My Christmas Road Trip

Each year I would usually go to my oldest brother’s house to celebrate Christmas and open gifts with the whole family, but it wasn’t happening this year because of the divorce. Sad face.

I wasn’t near family for the last two years because of Denver, but I’m usually quite content and independent so I’m not irked about it, plus my coworkers and roommates were my substitute family.

This year I woke up inside a tent on Christmas morning to the sound of nature and not a soul around. And at 7000 feet altitude! I found the spot on Google Maps beforehand and read the comments to be sure it would be suitable for my little car to get to. There was a four-mile dirt road I would need to traverse in the dark which would feel like a thousand speed bumps and an eternity, but a commenter said a sedan could do it, so I was assured.

As I made my approach in the dark of night, I was stoked to be doing this kind of adventure again like I had done in 2011 on my mountain bike in Hood River, Oregon. When I stepped out into the crisp mountain air and looked around, I was seized for a moment by a sense of isolation and remoteness, but instead of it being coupled with excitement, I began to feel lonely and maybe even a bit afraid.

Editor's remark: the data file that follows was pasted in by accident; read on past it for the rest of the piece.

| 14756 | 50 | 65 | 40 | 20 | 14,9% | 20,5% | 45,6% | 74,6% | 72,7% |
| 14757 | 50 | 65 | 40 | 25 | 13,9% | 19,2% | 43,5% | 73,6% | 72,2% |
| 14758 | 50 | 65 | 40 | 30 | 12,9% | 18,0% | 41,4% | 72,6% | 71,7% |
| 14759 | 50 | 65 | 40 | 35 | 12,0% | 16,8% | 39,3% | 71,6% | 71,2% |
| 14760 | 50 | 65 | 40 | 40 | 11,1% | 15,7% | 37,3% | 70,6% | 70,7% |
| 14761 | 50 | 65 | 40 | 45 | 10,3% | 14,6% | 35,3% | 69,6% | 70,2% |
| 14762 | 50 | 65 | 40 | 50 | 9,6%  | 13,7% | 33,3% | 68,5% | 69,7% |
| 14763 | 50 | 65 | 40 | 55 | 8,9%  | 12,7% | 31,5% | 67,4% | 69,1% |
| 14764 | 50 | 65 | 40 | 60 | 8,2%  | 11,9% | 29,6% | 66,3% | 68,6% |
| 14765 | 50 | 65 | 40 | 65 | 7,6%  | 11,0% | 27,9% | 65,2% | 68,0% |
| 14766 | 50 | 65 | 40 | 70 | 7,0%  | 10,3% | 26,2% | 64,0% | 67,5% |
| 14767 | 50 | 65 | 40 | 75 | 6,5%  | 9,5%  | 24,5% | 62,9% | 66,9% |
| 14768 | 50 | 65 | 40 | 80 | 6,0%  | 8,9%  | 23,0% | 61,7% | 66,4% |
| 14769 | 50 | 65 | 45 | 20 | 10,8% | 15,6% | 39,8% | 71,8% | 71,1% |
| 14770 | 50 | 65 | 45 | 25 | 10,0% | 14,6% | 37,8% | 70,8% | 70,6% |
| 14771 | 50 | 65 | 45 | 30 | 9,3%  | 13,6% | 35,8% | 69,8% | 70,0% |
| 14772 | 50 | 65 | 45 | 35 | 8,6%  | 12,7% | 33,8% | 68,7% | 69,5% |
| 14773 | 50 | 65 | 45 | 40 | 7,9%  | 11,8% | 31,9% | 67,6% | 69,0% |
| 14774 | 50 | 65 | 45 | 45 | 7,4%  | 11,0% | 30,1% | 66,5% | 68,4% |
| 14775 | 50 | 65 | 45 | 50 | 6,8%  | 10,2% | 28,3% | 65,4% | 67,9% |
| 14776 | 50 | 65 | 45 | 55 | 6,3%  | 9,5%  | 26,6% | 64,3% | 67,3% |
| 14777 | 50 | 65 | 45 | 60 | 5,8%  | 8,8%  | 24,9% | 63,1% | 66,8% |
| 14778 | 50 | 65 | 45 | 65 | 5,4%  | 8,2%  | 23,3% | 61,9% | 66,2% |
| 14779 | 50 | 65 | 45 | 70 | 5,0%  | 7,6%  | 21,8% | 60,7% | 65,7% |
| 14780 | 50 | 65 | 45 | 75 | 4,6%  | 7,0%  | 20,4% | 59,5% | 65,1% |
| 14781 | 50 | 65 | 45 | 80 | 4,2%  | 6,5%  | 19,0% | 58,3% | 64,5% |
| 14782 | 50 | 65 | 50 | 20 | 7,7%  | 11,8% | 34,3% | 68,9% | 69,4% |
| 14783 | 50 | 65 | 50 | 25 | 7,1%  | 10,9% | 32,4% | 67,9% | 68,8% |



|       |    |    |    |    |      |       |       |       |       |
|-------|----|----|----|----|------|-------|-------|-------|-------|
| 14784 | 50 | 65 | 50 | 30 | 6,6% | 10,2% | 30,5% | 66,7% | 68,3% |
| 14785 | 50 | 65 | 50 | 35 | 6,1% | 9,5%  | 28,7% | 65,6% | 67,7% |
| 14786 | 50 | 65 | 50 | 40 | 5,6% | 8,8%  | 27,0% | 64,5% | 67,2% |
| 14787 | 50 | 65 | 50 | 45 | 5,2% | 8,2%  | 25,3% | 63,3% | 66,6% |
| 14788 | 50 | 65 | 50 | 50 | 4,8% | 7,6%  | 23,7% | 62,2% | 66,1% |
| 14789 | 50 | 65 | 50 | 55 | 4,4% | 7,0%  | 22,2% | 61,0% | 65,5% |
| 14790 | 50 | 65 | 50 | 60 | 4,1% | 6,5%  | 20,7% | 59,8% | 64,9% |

That is most certainly not what I was expecting to feel. Those thoughts flooded my mind of me taking a path in life where I become one of those perpetually single guys who gets a camper and just roams from place to place alone.

I’m loving my first-ever solitary camping road trip, but those thoughts that I might become that hermit in the woods with only his thoughts and little projects to keep him company is a frightening notion. I’ll always love being a member of a community and putting myself in the path of others in service, but at 34 years old and having never been in a serious relationship before and not being bothered by that fact? I’m running out of time, and there’s a good chance I could end up being that old man alone in the woods.